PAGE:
Strictly Come Dancing stalwart Anton Du Beke’s hopes of lifting the golden glitterball this year with partner Ruth Langsford might have evaporated under the withering gaze of judge Craig Revel Horwood but the 51-year-old professional dancer still seems to be smiling.
Away from the dance floor, he has just realised a long-held dream by releasing an album of his own his own. From The Top is a collection of swing standards – and one surprise cover of an Arctic Monkeys song – sung by Du Beke with a big band and cherry picked guests Collabro, Lance Ellington from Strictly and the actress and singer Connie Fisher.
Du Beke traces his fondness for singing back to childhood. “I was in a church choir and one thing and another and then I auditioned for a performing arts school so I was singing during that period.” But when his dancing career took off, first on the amateur ballroom circuit then competing professionally from 1997 with partner Erin Boag, singing went on the back burner.
It was not until he partnered the opera singer Lesley Garrett in the 2002 series of Strictly that he started having singing lessons again, at the suggestion of Garrett’s manager. Gradually he started introducing songs into his and Boag’s dance shows and he also sang a couple of times on Strictly. Finally this year, to his delight, came the chance to make a record. “It was something I’d sort of always wanted to do but never quite knew how I could make it work. Polydor, the record company, have just been so remarkable. It’s not something they normally do, this type of an album, it’s not their remit really, but they’ve really embraced the whole idea of doing a swing album and they’ve just thrown everything at it.”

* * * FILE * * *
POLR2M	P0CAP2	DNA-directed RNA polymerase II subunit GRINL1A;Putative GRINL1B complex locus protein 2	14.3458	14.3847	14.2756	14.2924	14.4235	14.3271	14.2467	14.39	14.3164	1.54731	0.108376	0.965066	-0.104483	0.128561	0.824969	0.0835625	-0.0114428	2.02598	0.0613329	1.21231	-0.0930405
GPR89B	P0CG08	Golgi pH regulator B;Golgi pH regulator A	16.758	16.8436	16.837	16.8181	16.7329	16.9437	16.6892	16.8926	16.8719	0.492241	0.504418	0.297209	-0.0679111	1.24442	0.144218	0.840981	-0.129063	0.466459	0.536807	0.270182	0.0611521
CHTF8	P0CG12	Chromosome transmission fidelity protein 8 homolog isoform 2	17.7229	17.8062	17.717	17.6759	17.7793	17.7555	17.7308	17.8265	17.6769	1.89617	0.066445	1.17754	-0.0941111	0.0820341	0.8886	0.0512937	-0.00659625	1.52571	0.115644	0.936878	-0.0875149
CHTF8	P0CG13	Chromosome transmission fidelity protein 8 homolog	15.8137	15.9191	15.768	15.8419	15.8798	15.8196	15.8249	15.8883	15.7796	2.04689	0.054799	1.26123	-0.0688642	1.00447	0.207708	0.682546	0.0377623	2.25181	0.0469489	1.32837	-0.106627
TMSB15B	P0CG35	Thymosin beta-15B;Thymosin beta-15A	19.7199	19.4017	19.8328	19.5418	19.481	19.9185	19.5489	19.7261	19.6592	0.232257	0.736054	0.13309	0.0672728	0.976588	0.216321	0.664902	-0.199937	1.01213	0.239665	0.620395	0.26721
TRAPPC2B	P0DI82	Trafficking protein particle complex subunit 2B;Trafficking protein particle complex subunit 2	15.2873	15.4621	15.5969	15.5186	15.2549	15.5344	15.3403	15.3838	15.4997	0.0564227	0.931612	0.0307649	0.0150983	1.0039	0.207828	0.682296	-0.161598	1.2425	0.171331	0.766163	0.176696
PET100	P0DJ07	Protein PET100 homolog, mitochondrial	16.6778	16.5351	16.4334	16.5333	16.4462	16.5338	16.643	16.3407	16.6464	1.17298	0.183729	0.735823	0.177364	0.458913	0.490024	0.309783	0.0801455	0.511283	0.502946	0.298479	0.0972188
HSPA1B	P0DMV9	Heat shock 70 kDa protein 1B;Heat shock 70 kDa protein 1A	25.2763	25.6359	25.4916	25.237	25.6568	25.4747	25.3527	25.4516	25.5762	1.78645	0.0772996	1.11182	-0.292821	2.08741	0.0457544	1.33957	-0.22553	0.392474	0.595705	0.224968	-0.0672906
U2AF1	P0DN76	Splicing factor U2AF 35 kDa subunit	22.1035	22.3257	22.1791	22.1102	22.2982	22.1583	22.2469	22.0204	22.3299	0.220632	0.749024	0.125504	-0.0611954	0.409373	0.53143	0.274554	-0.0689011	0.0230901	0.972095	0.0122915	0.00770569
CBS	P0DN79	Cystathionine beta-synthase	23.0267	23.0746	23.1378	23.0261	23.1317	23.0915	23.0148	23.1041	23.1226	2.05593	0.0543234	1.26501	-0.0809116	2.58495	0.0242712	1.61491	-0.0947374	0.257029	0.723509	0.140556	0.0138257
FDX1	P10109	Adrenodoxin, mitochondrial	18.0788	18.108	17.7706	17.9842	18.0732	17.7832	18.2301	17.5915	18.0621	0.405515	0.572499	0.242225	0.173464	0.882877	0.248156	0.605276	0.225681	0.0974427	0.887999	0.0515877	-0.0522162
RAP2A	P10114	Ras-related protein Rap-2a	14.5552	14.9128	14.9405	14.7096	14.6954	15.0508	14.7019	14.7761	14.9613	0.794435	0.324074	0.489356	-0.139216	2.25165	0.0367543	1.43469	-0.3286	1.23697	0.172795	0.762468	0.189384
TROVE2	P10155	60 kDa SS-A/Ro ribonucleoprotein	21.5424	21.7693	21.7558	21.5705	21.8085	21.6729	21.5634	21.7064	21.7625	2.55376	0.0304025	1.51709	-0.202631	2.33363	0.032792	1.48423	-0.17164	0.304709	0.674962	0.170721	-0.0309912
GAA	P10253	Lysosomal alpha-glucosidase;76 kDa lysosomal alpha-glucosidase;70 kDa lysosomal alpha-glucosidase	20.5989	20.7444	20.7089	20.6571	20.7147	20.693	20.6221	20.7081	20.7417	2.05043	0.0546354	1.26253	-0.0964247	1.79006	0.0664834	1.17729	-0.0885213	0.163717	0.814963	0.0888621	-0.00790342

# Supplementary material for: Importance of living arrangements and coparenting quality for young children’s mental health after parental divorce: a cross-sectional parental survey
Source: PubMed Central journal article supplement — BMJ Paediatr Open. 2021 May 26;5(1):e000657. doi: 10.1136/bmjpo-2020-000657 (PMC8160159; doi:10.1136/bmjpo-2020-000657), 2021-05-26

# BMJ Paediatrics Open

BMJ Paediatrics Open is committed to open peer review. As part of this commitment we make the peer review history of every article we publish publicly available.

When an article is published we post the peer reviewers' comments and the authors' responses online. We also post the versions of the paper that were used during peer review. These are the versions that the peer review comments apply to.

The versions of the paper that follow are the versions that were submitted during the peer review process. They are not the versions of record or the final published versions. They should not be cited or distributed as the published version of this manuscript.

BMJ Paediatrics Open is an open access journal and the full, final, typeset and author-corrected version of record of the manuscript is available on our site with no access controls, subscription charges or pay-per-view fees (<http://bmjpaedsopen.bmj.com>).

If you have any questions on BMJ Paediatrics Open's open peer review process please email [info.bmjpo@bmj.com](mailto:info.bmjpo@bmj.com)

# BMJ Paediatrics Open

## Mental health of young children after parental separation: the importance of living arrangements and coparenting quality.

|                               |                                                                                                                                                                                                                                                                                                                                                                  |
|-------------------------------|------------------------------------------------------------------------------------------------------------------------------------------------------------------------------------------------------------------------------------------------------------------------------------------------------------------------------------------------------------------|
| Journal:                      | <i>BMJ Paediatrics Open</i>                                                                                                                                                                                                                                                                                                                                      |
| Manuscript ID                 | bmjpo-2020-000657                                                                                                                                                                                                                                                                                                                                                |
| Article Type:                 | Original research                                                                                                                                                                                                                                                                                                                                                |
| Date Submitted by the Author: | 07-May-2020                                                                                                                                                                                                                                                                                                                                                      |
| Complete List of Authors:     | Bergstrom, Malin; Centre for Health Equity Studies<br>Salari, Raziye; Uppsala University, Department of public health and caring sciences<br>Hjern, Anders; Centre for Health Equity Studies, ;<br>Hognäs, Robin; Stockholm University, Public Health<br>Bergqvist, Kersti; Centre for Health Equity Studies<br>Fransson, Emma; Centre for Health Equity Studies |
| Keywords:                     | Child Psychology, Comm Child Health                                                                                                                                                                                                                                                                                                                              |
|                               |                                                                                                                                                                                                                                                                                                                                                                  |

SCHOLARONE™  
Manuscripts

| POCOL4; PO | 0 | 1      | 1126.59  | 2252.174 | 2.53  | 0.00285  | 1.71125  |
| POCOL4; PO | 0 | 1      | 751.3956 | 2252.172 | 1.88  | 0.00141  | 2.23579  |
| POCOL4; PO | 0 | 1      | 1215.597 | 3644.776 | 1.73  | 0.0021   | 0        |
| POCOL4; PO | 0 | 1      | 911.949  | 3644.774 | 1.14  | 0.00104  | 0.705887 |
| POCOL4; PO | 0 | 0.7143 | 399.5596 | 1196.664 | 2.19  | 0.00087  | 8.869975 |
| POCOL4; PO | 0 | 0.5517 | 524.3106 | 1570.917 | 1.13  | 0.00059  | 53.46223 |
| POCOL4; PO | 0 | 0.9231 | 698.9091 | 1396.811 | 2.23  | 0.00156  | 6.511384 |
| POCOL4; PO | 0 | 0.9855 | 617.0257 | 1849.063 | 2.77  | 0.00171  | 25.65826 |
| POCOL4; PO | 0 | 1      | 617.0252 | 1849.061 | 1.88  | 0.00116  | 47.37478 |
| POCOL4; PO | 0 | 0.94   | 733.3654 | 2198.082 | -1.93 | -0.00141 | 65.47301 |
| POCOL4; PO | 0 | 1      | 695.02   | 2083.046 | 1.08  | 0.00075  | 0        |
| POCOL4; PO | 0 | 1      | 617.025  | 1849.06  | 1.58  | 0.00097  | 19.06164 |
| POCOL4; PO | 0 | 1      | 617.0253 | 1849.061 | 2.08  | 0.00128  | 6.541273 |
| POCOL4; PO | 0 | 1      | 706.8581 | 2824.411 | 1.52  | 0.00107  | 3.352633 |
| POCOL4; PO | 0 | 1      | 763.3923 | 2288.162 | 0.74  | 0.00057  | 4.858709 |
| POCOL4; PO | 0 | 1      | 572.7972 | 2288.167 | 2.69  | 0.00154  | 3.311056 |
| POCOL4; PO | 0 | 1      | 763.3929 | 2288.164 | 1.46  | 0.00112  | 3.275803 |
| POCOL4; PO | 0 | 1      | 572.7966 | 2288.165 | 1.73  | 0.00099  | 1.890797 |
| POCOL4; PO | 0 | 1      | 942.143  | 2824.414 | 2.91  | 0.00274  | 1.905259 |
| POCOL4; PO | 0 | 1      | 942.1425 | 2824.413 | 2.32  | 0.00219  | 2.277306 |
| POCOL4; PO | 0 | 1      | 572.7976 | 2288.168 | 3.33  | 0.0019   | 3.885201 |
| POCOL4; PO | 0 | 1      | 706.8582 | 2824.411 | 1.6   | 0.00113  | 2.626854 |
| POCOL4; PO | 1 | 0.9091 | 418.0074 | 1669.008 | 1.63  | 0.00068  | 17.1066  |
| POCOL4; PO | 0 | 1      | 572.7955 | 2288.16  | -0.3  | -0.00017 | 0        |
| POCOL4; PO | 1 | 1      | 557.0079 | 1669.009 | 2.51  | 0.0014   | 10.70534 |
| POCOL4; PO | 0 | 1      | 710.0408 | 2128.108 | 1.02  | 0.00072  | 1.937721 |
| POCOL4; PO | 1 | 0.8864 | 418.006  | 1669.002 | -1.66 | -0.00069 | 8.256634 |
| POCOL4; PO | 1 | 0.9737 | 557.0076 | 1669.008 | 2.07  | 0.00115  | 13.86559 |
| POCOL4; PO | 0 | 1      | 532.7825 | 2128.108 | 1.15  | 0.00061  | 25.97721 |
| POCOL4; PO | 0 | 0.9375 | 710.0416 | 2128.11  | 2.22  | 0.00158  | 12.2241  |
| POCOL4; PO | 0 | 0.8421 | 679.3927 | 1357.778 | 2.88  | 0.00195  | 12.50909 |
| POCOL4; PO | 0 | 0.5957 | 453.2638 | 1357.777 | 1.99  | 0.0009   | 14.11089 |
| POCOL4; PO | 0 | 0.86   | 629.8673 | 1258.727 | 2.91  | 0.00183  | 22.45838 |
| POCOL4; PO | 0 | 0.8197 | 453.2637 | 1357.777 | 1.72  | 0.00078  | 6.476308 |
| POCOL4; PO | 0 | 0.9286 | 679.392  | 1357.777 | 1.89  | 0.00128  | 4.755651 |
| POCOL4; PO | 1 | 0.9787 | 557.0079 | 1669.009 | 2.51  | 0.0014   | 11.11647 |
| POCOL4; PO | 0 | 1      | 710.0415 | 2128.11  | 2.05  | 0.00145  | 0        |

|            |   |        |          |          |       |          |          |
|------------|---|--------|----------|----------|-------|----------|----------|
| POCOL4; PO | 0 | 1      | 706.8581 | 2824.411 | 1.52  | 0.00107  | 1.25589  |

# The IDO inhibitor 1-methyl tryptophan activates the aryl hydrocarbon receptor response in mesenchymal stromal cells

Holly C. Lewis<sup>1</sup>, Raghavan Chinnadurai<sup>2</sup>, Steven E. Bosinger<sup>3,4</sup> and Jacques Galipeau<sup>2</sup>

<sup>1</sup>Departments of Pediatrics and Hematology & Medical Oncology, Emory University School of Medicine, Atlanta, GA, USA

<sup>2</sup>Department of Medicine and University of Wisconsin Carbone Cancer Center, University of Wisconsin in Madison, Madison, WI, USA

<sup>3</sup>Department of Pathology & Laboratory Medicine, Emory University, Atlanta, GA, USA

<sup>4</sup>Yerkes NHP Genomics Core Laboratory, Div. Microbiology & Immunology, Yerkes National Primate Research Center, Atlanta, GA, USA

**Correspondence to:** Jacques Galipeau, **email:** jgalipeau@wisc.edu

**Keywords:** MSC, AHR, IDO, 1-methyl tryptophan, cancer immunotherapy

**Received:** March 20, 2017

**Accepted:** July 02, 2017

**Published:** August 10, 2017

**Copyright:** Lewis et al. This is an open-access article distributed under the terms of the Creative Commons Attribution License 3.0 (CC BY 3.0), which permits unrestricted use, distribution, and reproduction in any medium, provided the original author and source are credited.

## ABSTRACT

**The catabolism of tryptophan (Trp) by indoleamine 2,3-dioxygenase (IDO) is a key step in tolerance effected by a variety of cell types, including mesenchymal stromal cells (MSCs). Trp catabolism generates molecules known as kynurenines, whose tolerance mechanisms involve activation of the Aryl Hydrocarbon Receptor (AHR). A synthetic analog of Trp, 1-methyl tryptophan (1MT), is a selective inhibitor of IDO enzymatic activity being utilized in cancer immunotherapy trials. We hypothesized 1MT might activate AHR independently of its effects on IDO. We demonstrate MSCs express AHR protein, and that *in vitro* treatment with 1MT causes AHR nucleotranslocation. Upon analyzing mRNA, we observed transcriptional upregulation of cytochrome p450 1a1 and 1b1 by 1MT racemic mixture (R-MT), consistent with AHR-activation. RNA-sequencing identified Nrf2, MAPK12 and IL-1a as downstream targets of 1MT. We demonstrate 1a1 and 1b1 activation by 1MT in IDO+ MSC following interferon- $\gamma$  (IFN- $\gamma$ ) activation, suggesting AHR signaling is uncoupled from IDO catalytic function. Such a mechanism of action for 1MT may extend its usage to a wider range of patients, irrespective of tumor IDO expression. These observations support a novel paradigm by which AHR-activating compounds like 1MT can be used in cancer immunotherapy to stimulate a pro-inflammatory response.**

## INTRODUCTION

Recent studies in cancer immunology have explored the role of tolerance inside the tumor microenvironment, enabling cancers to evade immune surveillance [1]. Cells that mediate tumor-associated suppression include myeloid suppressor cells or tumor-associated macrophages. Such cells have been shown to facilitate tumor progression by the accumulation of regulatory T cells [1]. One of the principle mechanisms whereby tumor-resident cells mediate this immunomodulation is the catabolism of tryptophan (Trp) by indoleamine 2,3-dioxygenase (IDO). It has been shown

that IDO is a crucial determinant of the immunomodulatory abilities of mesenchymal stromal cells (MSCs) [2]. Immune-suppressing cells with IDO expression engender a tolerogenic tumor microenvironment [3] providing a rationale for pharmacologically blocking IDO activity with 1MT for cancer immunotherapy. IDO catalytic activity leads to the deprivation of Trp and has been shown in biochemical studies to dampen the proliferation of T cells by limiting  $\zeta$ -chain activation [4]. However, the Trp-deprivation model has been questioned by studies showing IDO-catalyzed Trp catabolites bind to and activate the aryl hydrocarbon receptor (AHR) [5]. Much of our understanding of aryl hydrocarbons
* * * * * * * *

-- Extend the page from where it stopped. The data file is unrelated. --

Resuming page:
That includes employing a 36-piece orchestra, “an incredible arranger” and a “wonderful producer”, Brian Rawlings, who has previously worked with Tina Turner and One Direction. “I worked with all the best people,” says Du Beke. “There’s an original song on there as well, and there’s a Christmas song, it’s just wonderful music. They’re all my favourite songs, songs I’ve grown up with, songs I’ve dance to and songs that I’ve loved. A bit of a thing about the album was what to leave out.”
For Du Beke, singing seems a natural extension of dancing. “One of my dance teachers, a guy called John Del-Roy, encouraged us to sing when we were dancing because he said it adds to the musicality of what you do, and I think he’s absolutely right,” he says. “When you’re learning your timing you’re talking ‘1,2,3,4’ then you start to put a melodic rhythm to it and try to sing the song and you really are joining the three parts together – the music, the couples and the dance – and there’s perfect harmony between the three. Singing really is an natural extension of dancing, I would say.”